The top mental roadblock that Kamphoff’s runners reported were destructive, woe-is-me thoughts: How can thousands of other runners meet their goal and I can’t? Or Seriously? I worked so hard and here I am cramping up. “Negative thinking hurts our running because it doesn’t allow us to see possibilities or our own potential,” Kamphoff says. It can also lead to shallow breathing, increased heart rate, or tense muscles, any of which can make it physically harder to run.
Hurdle It: Midway through the 2012 Rock ‘n’ Roll Arizona Marathon, Tere Derbez Zacher was hurting and thinking, Maybe I shouldn’t be doing this. But the 41-year-old family counselor from Scottsdale, Arizona, pulled it together. “I kept telling myself, Where the mind goes, the body follows, and that got me through,” she says.
Indeed, the trick to managing negative thoughts is to recognize that you have the power to silence them, says Greg Chertok, director of sports psychology at the Physical Medicine and Rehabilitation Center in Englewood, New Jersey. On your daily runs, practice being aware of your inner voice, and when it says something negative, employ a stop mechanism—a tool that enables you to shift your focus to something positive. A motivating word or a distracting song or body cue, like concentrating on your breathing or on your arm pumping, can work. When Jeff Weldon, 40, CFO of United Prairie Bank from North Mankato, Minnesota, started struggling at mile 23 of the 2012 Whistlestop Marathon, he stayed positive by smiling. “Sounds corny,” he says, “but it really worked.”
I won’t be happy if I don’t run 3:40. My only goal is a negative split. I must run a faster time than my last race or all my hard work will be for nothing. Performance goals keep us motivated and help us push hard to reach our potential. But if you are fixated on just one outcome, you risk disappointment if it’s not your day and you fall short, Kamphoff says.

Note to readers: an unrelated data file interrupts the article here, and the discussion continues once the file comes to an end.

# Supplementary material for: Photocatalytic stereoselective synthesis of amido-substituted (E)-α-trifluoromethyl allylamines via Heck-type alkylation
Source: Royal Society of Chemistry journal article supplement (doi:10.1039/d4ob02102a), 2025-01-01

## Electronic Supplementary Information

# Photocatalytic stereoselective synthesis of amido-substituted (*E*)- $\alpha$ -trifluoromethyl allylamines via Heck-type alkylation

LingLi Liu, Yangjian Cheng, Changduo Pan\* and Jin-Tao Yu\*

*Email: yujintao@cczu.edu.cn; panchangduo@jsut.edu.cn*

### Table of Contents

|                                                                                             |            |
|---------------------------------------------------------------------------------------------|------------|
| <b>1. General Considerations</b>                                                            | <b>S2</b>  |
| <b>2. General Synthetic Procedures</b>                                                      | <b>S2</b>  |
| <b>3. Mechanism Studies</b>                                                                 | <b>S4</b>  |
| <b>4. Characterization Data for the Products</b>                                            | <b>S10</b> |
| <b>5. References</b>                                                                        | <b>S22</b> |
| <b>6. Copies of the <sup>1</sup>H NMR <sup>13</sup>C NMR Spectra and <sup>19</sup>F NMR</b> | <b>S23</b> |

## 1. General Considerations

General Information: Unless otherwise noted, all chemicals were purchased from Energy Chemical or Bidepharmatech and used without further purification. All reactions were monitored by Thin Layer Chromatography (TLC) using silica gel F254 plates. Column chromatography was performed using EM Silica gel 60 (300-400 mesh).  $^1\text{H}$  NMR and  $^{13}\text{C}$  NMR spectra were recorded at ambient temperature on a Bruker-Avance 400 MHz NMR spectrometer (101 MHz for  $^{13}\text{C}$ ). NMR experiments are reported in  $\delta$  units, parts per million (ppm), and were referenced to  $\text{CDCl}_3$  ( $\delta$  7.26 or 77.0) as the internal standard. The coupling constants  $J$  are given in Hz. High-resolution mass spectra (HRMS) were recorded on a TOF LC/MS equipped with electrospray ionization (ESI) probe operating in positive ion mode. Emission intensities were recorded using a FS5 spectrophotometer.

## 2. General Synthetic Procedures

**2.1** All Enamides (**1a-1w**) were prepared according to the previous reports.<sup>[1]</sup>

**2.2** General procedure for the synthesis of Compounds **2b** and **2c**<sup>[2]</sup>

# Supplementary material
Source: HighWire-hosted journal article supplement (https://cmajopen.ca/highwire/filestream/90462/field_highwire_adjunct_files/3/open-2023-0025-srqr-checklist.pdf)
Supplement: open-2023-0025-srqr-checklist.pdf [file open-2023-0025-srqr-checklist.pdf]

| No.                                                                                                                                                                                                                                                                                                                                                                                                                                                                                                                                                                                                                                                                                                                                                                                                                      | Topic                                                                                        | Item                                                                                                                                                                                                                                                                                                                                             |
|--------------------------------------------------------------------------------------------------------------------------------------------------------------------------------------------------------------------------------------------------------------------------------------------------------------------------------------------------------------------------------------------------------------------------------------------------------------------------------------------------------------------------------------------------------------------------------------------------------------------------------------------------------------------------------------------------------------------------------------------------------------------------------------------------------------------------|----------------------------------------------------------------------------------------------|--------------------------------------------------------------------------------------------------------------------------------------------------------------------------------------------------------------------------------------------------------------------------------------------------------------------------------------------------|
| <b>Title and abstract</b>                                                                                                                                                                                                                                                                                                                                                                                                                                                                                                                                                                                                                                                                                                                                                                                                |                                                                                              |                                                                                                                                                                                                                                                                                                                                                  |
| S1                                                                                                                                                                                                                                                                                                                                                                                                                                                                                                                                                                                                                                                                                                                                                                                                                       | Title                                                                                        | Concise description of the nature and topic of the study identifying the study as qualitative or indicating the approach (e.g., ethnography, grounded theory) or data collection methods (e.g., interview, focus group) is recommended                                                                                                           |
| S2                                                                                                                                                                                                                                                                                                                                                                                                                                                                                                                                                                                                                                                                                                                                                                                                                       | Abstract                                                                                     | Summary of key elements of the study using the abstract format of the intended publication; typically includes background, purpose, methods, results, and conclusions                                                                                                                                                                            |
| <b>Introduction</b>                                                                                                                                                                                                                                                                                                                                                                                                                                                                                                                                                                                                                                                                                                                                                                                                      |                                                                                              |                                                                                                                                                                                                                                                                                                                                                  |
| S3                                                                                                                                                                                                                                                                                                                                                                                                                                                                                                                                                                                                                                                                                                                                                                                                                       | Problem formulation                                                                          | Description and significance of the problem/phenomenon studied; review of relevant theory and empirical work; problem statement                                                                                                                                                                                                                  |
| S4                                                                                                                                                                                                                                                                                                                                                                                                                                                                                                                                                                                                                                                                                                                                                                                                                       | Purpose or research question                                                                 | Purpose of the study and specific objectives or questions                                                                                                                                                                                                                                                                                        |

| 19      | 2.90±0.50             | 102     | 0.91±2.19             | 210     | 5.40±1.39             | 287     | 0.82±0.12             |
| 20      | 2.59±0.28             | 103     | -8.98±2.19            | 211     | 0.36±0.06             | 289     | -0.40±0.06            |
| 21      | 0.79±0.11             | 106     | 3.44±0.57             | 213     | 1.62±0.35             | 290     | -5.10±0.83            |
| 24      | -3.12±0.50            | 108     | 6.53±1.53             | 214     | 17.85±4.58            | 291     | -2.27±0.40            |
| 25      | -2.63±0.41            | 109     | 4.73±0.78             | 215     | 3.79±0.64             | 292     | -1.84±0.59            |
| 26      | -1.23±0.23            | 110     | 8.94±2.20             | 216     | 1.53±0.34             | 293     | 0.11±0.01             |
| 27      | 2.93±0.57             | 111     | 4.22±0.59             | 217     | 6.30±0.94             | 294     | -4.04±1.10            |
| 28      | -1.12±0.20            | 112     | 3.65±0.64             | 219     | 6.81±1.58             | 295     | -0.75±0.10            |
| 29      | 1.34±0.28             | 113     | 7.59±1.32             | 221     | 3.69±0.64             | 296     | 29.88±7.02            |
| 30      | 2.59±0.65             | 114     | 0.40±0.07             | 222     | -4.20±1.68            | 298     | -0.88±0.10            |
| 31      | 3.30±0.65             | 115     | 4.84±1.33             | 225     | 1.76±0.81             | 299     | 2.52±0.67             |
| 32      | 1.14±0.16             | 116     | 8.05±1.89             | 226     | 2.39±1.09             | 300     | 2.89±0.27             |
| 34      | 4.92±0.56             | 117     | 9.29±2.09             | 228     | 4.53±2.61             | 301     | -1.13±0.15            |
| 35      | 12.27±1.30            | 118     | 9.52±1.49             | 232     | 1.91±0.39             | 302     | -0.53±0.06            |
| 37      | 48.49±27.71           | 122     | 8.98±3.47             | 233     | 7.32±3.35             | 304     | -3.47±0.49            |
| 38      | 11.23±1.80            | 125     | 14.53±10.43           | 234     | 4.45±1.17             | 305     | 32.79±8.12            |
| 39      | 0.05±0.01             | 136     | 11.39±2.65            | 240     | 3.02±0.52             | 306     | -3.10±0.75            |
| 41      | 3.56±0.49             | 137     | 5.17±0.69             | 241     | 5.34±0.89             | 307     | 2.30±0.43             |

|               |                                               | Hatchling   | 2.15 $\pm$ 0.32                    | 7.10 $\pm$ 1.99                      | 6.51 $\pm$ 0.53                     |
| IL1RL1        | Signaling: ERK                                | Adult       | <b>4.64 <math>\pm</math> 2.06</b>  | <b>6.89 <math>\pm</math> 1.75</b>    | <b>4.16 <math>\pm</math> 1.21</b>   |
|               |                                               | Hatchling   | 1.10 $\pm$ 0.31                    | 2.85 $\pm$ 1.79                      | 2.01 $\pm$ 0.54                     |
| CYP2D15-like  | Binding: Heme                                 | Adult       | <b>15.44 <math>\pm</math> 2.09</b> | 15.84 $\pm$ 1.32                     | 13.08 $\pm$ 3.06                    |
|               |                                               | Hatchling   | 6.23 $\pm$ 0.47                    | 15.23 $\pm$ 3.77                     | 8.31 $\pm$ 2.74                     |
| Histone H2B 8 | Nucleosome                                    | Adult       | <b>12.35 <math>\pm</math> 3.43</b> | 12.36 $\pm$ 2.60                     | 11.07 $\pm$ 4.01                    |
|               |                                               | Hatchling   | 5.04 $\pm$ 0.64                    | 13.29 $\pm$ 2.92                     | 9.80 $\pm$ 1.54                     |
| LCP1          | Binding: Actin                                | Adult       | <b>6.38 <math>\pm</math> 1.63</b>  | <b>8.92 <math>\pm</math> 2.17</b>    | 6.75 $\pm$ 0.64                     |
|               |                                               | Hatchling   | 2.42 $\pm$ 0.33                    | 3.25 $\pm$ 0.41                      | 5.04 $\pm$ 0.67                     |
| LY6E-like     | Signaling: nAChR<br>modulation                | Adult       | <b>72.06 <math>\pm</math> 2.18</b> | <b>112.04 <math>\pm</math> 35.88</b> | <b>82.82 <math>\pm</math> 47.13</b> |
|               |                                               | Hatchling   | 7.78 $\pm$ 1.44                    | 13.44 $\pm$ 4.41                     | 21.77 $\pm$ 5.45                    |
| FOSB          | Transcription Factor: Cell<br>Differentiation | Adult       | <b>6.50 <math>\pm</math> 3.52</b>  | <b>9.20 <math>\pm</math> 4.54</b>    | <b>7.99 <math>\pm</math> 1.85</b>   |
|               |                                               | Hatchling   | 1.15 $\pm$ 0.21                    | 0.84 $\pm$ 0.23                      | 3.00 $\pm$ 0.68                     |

Hurdle It: As early as mile two, Derbez Zacher knew that running a 2:45 personal best wasn’t possible. But her secondary target—a sub-three-hour finish–was within reach. “Having that backup goal kept me going,” she says. Kamphoff suggests using a goal range, such as aiming for a 1:50 to 1:55 half-marathon. “A range changes your self-talk,” she says. “If you’re hitting 8:40s in the early miles and have a rigid 1:50 goal [8:23 miles], you might worry and stress. But with a range, you’d be on pace, increasing the chances that you’ll stay positive.” Make sure your goal range is realistic: The faster end should be something your training suggests you can do on a dream day. The slower end is something that will still make you feel satisfied.
Runners tend to question their abilities, particularly when they’re tackling a new distance or aiming for an ambitious time. But doubt’s opposite–confidence–is among the most important predictors of athletic performance. If you don’t believe you stand a chance, says Kamphoff, you’ll be less likely to take the risks and actions necessary to reach your goal.
Hurdle It: Go public with your insecurities, suggests Rebecca Williams, 43, an education program coordinator with the Mayo Clinic in Rochester, Minnesota, who questioned whether she could finish a marathon. She expressed her doubts to other runners in her local training group and on the Mankato Marathon’s Facebook page. The simple act of voicing her concerns stripped them of their power, and the encouragement she received from others eased her anxiety.
Sports psychologists also recommend drumming up evidence that disproves the insecure thoughts. For example, if feeling sluggish during your taper makes you worried you won’t be able to PR, remind yourself of all the strong workouts you did that indicate a new record is within reach. If butterflies linger, put them to good use. “Studies show that professional athletes have as much doubt as anyone, but they see it as a stimulant,” Chertok says. “They learn to interpret body signals positively, reading nerves not as worry or doubt, but as excitement for the race.”